Memory Management on Android2020.03.04 | Tags:
In 2017 I started to follow a free and open source project that aims to protect user privacy and -data on Android systems. It is Blokada, an ad- and tracking blocker. Since then I help it to grow its user base, have big communities on various platforms, manage the default DNS- and host lists.
Recently I have tried to familiarise myself with its code and was especially interested in the memory management, so I thought I’d optimise that a bit. Here is what I have learnt along the way:
On Android, applications can’t utilise the full RAM of the device, instead, every app the user start gets a portion of it. Because Android apps are based on Java, this allocated memory is called the same way as in Java: heap.
What is heap and how big is that?
Simply phrased, heap is the memory of the running application and similarly to the memory of a physical machine (PC or notebook), it has an upper limit. The manufacturer (or in custom ROMs the maintainer) decides and defines the maximum size; no app nor system configuration can change that. Newer devices have more RAM, hence, bigger heap can be allocated without problems.
The app’s memory is allocated at its start up and lasts during its runtime; so while that is not closed, killed, crashed or the device is not restarted. If the program is sent into the background, the heap isn’t totally cleared, a small portion will remain allocated.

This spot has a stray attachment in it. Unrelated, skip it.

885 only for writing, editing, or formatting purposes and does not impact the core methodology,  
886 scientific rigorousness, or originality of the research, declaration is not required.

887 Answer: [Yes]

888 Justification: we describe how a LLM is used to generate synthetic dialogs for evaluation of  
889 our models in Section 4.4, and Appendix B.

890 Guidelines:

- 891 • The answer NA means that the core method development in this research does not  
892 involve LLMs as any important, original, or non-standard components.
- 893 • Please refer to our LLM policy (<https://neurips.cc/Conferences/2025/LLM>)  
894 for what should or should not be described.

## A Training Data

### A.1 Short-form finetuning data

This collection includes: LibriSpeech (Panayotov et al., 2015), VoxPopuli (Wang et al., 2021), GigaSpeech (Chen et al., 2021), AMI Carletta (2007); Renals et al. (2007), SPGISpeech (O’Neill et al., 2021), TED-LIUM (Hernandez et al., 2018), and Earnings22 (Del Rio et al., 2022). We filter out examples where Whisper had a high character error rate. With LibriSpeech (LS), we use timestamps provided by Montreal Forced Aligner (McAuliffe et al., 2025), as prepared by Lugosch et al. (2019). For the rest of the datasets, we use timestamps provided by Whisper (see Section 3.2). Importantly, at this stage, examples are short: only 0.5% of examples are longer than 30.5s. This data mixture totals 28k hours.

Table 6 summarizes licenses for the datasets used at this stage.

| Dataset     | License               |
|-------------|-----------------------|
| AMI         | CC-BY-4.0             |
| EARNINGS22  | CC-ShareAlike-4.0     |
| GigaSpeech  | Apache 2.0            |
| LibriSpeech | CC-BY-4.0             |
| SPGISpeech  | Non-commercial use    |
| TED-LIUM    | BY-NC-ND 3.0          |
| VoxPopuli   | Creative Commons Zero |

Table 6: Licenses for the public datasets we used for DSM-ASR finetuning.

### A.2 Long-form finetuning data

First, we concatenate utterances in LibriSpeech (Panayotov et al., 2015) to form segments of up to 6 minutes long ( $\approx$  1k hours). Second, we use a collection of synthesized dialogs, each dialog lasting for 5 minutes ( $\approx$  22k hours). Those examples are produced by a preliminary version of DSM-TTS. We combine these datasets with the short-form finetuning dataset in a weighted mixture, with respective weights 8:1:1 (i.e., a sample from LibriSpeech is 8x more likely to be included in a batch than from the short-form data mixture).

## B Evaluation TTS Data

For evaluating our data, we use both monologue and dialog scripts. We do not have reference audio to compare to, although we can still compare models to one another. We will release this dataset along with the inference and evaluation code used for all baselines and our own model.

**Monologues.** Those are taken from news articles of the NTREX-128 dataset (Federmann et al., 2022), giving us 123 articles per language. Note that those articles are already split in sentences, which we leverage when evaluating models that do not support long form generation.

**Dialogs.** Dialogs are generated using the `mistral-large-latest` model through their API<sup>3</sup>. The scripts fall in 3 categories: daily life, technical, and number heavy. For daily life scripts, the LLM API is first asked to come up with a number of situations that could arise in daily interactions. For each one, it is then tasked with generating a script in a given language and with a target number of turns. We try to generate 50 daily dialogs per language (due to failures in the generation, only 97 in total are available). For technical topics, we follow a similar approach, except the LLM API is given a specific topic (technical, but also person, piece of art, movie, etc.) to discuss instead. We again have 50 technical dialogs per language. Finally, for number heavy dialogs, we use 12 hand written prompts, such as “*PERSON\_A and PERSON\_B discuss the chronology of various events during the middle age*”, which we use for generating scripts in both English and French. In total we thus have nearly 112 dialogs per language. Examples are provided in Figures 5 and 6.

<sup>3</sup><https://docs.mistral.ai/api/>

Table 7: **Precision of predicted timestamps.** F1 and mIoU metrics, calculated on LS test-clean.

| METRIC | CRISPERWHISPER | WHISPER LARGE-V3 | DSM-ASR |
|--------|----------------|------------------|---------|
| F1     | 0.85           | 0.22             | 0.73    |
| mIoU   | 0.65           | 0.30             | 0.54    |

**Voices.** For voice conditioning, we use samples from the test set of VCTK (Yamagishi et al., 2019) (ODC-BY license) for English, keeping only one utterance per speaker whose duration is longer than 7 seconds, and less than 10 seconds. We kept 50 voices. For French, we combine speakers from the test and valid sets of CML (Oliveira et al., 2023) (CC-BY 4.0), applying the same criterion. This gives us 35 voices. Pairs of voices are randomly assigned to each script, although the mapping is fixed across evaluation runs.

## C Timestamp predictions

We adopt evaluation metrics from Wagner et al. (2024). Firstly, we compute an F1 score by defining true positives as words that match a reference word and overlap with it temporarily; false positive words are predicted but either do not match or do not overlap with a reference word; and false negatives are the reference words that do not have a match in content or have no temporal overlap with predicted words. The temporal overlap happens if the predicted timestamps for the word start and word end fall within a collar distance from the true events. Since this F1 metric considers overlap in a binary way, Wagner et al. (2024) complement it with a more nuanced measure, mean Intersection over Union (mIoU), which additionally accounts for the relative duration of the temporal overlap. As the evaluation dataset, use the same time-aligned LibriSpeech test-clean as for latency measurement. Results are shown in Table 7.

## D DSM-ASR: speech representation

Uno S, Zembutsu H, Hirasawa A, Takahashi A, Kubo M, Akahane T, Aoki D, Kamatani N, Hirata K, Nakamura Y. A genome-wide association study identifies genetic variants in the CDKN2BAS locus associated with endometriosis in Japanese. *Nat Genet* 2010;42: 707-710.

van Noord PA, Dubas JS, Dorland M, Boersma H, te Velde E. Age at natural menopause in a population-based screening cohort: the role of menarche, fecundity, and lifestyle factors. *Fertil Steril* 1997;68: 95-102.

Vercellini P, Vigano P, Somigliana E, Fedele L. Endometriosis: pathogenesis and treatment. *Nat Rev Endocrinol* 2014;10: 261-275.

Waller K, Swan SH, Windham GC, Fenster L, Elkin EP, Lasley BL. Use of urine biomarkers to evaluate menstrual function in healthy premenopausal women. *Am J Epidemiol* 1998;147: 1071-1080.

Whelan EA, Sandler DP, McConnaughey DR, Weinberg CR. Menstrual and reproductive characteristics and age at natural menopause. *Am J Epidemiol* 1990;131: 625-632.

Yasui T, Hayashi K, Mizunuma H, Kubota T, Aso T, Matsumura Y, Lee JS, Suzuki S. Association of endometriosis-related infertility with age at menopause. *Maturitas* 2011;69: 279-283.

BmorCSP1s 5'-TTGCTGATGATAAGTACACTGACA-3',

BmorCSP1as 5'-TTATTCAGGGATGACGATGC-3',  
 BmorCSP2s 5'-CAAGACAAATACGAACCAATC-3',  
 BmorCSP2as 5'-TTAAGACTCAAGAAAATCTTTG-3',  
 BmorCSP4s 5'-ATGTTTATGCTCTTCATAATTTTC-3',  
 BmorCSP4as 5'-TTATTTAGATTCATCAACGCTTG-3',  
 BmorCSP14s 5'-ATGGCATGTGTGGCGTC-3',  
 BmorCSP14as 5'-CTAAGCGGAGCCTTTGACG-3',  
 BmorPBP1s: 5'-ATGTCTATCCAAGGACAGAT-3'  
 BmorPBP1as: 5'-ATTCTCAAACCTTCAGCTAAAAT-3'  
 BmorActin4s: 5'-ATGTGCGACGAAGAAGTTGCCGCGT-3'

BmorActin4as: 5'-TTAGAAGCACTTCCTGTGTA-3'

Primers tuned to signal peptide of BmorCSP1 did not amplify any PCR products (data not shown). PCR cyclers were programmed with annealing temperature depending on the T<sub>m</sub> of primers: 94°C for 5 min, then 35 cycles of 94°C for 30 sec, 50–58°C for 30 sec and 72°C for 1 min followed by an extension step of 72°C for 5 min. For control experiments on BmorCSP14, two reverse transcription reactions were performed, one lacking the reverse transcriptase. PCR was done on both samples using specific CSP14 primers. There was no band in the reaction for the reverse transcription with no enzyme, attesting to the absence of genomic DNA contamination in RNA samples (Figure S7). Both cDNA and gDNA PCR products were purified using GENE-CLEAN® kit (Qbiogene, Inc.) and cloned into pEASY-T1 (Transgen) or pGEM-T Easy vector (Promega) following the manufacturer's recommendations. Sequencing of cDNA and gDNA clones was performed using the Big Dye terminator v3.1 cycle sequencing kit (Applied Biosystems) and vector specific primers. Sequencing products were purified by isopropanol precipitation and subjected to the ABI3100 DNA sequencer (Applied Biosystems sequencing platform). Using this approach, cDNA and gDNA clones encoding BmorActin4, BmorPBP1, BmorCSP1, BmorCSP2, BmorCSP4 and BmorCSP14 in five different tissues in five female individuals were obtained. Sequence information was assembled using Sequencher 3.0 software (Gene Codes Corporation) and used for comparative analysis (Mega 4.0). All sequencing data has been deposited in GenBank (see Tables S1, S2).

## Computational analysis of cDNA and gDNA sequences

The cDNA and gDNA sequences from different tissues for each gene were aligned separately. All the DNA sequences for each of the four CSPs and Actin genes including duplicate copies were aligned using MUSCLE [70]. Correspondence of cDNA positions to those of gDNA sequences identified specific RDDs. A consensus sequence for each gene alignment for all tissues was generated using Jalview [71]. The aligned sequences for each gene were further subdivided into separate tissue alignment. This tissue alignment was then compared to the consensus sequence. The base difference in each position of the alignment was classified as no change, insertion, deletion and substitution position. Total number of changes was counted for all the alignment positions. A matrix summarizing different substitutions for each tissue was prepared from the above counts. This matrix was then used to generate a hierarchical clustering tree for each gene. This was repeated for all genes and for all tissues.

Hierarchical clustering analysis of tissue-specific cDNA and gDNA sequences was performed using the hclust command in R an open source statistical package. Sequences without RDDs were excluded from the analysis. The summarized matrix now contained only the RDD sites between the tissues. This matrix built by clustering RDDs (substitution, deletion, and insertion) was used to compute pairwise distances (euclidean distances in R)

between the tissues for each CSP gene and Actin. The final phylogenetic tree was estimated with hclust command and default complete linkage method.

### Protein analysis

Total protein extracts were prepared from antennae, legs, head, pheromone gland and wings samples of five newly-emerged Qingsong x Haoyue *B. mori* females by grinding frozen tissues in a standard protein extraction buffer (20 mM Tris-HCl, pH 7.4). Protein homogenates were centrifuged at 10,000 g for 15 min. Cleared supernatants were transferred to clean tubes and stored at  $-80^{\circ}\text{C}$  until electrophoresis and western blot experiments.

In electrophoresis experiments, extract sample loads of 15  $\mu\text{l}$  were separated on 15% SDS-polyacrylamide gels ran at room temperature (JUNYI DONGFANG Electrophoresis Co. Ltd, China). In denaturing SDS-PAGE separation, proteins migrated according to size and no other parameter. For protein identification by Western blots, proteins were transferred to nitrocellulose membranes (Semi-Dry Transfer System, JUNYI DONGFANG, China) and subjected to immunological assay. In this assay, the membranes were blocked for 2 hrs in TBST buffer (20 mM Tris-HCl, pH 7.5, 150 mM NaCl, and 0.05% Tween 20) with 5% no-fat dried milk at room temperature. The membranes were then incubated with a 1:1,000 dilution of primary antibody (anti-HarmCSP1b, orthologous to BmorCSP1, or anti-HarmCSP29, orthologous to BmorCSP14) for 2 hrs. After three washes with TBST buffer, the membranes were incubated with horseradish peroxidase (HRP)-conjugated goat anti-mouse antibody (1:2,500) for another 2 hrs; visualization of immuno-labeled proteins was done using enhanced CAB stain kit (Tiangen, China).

So, how is that you can start a lot of apps but they don’t run into memory problems?
The system tracks each memory allocation and if it determines that a piece isn’t used anymore, it frees that up removing objects that are not referenced. The mechanism that reclaims unused memory is called Garbage Collection (shortly: GC) and it is triggered by the underlaying Android system; it can’t be started manually.
The GC ensures the program has minimal footprint: it is necessary to be able to start other applications, have enough space in RAM to allocate heap for newer ones. This is how you can run a lot of them in parallel.
But what happens when something needs more resource than it can access? The application crashes with an OutOfMemory (shortly: OOM) exception and the allocated memory chunk is cleared up totally.